Against Detroit’s “industrial exoskeleton,” Resident Advisor has a new documentary short film examining Detroit’s musical revival, an electronic cultural phenomenon that brought healing and new life to a city whose economic livelihood had imploded.

The film is beautifully shot, and wisely starts with Motown and its connections to the auto industry, not simply with an out-of-context look at electronics alone. From those roots come the rich musicianship Detroit offers, a level of musicianship perhaps not generally associated with electronica. The film logically turns to the electronic revolution – and some reminders of just how fresh and modern the tracks sound, even if the, erm, fashions haven’t dated as well. This cultural invention against economic collapse seems about the most fitting picture of America in general one could find – at once cautionary tale and promising parable.

The dead husks of architecture and civic scene prove a silent, empty backdrop. And there’s a tragic side – the week in which England’s police and youths clash to destructive effect, there’s an ongoing inability to reconcile the warehouse music scene with police seeking to shut down raves, a pervasive sense of the city as failed even as the rest of the world might imagine its culture as vibrant. (Yes, I’m certain some Detroit residents are tired of being portrayed as some sort of wrecked quasi-war zone. Let me say this, instead: every major metro area in the US, and many smaller ones, has an area ravaged by economic change, just as America in general has serious challenges facing its poor and unemployed. The most dramatic images aren’t simply emblems of Detroit, but of those crises everywhere.)

But most hopeful, perhaps, is seeing a new young generation embrace accessible computer music technologies, the optimistic tick-tock of an Ableton metronome and a kid’s hands all over a Maschine drum pad controller. The early fathers of Detroit techno were able to produce a musical revolution because machines for the first time became affordable; who knows what musical imaginings these kids are cooking up in hours spent after school, or what greater focus and discipline that can give to their other work. (I can speak for myself: without music to calm me down, to give myself a center, to act as emotional and spiritual outlet, it’s hard to imagine how I ever would have done anything else.)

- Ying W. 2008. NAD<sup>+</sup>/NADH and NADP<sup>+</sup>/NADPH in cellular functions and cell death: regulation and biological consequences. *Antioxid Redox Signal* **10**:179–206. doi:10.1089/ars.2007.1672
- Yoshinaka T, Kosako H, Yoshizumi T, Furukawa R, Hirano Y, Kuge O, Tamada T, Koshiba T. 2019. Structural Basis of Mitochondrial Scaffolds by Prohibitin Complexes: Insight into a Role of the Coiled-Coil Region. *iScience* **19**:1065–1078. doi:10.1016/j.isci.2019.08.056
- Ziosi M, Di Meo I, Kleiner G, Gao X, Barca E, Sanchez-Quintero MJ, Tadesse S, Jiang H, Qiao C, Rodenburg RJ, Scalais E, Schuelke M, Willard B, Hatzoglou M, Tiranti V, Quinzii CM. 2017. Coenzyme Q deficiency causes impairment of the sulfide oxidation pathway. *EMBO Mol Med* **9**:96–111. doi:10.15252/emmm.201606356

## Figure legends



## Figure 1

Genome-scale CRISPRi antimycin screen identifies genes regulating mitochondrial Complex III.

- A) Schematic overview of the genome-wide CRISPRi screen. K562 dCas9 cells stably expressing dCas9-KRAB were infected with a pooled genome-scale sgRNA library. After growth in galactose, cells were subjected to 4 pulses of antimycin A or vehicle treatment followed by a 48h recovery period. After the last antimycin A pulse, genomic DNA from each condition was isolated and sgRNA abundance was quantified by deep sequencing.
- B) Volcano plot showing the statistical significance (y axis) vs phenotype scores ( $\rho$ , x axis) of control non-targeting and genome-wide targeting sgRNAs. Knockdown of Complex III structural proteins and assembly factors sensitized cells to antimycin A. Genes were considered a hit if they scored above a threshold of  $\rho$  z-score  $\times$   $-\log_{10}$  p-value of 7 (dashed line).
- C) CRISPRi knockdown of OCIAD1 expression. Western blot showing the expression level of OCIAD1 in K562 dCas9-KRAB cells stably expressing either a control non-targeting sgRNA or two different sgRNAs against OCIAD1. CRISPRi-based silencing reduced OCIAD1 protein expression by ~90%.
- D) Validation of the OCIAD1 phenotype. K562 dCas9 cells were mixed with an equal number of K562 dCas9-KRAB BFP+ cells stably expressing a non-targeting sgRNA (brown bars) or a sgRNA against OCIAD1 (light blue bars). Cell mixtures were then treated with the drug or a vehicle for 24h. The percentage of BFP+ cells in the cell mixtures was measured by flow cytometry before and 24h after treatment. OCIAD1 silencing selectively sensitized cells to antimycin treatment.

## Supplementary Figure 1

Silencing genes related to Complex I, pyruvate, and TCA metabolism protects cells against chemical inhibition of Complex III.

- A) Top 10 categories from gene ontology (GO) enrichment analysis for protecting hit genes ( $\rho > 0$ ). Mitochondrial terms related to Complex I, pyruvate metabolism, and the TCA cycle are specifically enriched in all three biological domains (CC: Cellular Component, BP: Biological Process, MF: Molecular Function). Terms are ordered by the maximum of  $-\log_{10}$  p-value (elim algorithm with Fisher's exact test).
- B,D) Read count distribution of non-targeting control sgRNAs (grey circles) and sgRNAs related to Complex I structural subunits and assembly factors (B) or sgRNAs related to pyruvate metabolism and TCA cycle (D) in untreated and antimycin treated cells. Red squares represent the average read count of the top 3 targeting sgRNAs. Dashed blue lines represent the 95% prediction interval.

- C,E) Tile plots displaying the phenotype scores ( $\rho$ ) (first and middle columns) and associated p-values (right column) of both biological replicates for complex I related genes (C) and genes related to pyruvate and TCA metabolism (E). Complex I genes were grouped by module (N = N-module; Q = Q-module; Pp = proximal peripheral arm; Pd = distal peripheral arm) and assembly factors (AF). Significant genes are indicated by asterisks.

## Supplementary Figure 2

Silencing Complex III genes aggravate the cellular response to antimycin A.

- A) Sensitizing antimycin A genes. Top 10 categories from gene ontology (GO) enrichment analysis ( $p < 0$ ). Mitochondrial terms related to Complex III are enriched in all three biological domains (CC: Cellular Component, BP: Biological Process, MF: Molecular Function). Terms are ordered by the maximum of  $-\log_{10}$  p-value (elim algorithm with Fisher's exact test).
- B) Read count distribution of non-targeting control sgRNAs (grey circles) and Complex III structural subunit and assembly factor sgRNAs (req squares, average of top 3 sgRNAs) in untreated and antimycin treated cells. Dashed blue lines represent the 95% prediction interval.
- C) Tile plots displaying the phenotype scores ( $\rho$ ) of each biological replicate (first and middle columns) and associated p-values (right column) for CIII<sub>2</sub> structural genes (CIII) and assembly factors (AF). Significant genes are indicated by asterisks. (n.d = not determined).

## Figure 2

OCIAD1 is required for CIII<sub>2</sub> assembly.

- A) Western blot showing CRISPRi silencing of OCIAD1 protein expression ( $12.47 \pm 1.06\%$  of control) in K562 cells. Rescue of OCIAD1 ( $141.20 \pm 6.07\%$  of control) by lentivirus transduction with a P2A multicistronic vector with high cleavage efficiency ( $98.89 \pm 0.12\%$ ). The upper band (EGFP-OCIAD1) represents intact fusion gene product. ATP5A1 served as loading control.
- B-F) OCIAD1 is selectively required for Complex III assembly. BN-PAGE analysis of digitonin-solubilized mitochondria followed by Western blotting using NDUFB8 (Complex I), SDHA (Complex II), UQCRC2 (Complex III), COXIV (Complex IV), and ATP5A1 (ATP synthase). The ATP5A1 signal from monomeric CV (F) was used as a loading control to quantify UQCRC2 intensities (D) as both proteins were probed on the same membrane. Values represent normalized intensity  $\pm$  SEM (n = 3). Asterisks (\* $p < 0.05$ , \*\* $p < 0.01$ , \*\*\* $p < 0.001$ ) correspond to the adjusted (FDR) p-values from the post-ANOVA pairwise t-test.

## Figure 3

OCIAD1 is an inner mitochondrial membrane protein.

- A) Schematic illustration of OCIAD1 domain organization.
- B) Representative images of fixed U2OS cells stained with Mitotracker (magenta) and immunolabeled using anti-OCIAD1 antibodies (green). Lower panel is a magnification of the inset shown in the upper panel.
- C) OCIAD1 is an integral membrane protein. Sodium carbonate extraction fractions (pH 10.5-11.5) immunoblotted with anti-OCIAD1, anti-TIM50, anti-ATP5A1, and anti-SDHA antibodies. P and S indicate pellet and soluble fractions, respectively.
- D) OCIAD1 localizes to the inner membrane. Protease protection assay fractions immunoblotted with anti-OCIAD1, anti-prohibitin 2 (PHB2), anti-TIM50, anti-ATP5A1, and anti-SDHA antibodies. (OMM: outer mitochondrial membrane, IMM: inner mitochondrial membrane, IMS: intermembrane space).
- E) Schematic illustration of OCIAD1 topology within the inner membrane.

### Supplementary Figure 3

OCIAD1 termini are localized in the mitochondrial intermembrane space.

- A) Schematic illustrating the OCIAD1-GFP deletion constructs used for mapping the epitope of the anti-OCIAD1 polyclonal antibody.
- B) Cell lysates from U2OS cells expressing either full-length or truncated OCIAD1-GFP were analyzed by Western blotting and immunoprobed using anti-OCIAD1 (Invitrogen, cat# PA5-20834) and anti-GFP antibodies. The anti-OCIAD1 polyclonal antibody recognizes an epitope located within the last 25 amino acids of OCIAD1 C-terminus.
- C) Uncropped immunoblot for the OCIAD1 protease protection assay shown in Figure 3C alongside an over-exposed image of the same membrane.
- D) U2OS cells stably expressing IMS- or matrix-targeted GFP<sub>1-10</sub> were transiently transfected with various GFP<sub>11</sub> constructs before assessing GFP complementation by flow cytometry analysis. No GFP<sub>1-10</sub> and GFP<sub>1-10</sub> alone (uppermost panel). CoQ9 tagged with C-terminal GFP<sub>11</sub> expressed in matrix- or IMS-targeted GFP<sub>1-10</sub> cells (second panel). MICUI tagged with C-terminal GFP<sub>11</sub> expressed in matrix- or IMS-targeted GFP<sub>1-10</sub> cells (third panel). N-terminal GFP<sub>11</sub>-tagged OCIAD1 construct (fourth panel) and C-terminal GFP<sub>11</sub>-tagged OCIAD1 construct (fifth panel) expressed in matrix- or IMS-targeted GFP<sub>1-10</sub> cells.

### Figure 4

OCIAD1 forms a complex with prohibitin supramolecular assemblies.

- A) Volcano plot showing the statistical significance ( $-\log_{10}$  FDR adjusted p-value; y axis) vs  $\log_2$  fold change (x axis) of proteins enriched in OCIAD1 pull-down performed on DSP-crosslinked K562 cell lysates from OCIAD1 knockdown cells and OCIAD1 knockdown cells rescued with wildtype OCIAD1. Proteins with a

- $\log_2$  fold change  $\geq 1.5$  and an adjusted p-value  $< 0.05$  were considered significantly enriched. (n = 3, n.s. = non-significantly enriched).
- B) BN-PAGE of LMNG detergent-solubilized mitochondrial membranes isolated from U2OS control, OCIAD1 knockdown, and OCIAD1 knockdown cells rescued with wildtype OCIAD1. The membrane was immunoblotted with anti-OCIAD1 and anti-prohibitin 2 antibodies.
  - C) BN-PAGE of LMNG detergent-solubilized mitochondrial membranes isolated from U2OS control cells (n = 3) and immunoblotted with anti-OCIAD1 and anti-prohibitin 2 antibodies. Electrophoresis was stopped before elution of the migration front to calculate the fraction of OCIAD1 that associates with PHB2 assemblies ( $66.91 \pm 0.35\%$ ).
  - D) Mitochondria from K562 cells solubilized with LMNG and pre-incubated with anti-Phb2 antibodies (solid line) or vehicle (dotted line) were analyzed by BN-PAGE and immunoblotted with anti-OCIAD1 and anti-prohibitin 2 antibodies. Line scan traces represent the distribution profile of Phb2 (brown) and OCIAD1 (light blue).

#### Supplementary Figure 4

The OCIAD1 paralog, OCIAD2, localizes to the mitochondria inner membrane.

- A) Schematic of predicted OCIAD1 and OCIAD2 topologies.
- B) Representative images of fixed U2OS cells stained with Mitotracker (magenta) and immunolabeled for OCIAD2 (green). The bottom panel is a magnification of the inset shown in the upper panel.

Detroit from above: Sensor L7 ETM+ on NASA’a Landsat satellite peers at the Motor City from space in December 2001, courtesy the NASA Goddard Space Flight Center.

It’s wonderful documentary making, and a great editorial contribution on Resident Advisor’s part. Now the next question: can we find a way to make this kind of music vibrancy heal our cities and communities, at a time when economies are in freefall, Americans are out of work in absurd numbers, London is setting fire to warehouses of records, and a thousand other invisible crises worldwide threaten to pull neighborhoods apart? Detroit’s music to most might be some vague recollection of now-extinct Motown or music at parties; when music lovers start to tell a richer story, maybe that role for music will be more widely appreciated.

Some of the interviewees: Brendan Gillen (Ectomorph), RJ Watkins and Henry Tyler (The New Dance Show), Jon Dixon and DJ Skurge (Underground Resistance), Josh Glazer (Urb Magazine), Luke Hess and Brian Kage (Reference), and Mike Huckaby, among others. New sounds and new names are mixed in among the older sounds and veterans. (Kudos to the crew – John Fisher was DP; Patrick Nation and Daniel Higginson produced and directed.)

Oh, and Derek Mahone, age 11. Remember that name.

Real Scenes: Detroit [Resident Advisor]

From the other side of the pond, and poignant given ongoing unrest in the UK, here’s Real Scenes: Bristol. It makes a worthy companion to the Detroit piece. As RA puts it:

The eyes of the world have turned to the UK in recent years and have found some of the most exciting, genre-defying young artists to emerge from electronic music. But while London’s scene can be fractious and hard to pin down, there seems to be something in the air in Bristol that unites its participants. Whether they’re creating dubstep, house, techno or something else entirely, the cross-pollination in Bristol is unique. In RA’s first official entry into video, we journey to Bristol to explore how the city has flourished in recent years, discovering why this small metropolis is one of the most influential electronic music outposts in the world today.

(Apologies to Bristol; I should probably wax just as poetic about your town, but happened to miss the release of the earlier film when it came out!)

Real Scenes: Bristol [Resident Advisor, July 5]